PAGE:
All submissions to the Portal email inbox by the final Friday in November are grouped by genre for the class to read over Christmas holiday. Acceptance or rejection letters are typically issued the third week of January.

Portal asks for exclusive First Print and Electronic Serial Rights for 3 months after publication for all accepted works.

Once your work has been accepted your contact email will be passed on to a genre editor assigned to your work. The editor will do a close reading of the piece and discuss with the other 2-3 members of the genre editorial team as well as the Managing Editors and Publisher.

After conferring about the proposed edits and having taken other class members’ suggestions into account during the selection process, the editor will make clear suggestions in Track Changes and Comments in the Word document regarding titles, substantive suggestions (re structure, plot, character, narrative descriptions, setting, language/dialogue, POV, tone), line editing suggestions (breaking up long sentences and paras, line/stanza breaks, scene direction, and format) and proposing additions that would further develop the author’s vision.

The editor may also note any language that may unintentionally appear homophobic, racist, sexist, or may show signs of other insensitivity, or be legally questionable. Suggested changes will also clean up punctuation and spelling errors in each submission according to Portal’s Style Guide while making sure tone isn’t jeopardized.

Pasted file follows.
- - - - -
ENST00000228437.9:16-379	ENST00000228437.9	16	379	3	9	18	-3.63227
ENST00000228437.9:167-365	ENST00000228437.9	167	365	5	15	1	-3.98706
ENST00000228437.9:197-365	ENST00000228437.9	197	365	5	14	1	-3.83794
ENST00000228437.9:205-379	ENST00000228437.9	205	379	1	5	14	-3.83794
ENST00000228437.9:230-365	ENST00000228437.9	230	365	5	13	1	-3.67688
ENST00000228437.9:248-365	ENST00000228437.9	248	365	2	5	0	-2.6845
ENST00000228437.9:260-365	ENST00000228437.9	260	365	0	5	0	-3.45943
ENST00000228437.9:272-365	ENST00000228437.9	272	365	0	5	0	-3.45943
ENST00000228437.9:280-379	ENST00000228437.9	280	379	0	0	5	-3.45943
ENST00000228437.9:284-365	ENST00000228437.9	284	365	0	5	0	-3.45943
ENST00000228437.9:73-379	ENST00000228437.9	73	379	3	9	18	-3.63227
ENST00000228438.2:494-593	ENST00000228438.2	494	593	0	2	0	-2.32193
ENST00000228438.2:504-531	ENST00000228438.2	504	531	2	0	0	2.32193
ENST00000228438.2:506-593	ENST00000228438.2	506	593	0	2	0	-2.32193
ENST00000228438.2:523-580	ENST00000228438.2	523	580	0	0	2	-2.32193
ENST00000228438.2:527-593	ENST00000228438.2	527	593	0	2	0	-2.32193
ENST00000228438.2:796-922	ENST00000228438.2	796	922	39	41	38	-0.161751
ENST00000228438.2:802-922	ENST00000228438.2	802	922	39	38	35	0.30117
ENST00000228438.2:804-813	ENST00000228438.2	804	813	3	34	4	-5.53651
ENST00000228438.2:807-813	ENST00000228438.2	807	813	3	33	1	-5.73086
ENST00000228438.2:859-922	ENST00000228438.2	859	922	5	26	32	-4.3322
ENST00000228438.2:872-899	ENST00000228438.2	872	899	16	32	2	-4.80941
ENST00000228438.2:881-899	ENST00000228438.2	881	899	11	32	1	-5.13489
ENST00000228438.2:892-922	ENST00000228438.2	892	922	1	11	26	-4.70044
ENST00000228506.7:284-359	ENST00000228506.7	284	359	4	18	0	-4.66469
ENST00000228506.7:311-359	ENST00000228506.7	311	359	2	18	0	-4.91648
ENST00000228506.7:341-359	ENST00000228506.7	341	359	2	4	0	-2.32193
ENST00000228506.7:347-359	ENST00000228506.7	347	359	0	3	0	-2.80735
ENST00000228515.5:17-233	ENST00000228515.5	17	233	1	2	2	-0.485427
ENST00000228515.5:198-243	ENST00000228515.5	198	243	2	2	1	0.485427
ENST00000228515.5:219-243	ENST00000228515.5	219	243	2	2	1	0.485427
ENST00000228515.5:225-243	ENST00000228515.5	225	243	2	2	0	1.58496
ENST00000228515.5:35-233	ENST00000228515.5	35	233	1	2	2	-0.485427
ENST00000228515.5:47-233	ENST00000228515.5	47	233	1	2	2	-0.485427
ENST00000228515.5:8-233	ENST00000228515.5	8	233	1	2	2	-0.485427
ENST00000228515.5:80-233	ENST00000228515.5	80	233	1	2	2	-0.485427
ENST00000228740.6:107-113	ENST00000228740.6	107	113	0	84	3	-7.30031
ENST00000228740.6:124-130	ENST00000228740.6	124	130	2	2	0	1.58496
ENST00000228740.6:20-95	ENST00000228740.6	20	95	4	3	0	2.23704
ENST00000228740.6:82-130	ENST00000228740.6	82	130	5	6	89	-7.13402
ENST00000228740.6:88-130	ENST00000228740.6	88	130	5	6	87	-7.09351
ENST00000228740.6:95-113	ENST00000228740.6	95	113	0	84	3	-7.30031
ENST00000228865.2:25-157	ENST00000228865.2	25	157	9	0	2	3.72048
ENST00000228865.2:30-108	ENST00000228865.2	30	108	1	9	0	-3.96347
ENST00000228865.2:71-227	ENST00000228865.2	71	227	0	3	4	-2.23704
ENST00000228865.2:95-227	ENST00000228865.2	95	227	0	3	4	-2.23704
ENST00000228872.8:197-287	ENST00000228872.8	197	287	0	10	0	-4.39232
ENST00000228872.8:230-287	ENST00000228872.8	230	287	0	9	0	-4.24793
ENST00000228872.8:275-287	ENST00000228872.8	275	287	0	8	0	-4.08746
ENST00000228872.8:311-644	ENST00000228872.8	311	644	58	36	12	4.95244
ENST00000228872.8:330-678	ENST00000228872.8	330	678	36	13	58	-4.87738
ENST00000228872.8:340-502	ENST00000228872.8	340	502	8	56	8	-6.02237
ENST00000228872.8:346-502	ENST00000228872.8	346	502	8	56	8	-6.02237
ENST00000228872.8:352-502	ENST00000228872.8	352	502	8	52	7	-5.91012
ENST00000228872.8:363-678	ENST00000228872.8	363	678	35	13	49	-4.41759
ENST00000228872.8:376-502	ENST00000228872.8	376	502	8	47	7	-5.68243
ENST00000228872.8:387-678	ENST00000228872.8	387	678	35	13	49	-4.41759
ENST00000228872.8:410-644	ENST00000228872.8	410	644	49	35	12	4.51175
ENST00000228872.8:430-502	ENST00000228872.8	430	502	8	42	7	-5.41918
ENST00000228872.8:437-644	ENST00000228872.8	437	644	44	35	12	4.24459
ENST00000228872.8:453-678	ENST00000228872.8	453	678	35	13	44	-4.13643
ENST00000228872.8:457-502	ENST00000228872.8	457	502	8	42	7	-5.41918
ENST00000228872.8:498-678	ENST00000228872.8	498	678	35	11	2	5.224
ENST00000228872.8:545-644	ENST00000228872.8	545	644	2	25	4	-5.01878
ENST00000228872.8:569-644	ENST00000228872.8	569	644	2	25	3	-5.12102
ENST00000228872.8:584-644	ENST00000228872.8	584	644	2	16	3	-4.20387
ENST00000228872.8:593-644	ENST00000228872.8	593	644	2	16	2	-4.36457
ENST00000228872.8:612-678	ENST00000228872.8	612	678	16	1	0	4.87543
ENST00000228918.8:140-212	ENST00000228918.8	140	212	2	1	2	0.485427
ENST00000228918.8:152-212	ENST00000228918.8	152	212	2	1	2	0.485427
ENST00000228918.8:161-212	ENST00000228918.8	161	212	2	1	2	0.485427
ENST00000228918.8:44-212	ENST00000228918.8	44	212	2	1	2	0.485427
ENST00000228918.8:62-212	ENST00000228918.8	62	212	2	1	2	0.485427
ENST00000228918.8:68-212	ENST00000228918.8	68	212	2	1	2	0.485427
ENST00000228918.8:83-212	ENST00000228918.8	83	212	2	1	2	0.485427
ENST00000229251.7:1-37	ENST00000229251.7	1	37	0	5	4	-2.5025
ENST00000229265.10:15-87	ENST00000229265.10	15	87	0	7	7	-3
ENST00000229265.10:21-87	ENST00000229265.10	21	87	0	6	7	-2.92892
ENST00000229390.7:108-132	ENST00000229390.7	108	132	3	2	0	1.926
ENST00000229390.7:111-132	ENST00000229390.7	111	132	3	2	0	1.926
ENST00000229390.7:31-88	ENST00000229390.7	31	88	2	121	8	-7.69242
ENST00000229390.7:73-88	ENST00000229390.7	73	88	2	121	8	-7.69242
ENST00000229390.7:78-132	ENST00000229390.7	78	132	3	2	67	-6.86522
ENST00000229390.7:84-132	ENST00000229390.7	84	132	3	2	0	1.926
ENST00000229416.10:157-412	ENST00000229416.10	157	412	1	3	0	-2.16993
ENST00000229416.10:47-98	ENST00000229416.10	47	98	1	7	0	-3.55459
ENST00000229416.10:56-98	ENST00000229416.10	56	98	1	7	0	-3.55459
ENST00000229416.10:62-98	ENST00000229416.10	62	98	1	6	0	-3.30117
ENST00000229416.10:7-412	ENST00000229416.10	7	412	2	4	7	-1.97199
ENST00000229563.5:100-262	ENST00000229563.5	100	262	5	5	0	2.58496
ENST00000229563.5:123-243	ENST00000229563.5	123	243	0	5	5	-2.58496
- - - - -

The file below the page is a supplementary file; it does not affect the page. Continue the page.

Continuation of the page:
Finally, the editor will write the author an accompanying editorial letter underscoring the work’s greatest strengths, querying anything that is unclear, and outlining significant proposed suggestions in order of priority. The letter will include the due date for the revised draft approximately a week -10 days later.

You and your editor will communicate by email or another agreed-upon platform to exchange versions back and forth (usually two rounds of edits) until you are satisfied with the final version, which you approve in writing.

Finally, the editor will suggest pull quotes for your piece, accompanying photography or art, and its order in the magazine when this discussion arises in class. They may also be involved in selecting the pieces and cutlines for the cover.

Your editor will also encourage you to read at the launch in April, record your piece for a podcast on the website, and request a 150-word professional bio written in 3rd person and focusing on publications, contests, awards, and accolades. You will receive a copy of the magazine prior to the launch or by mail.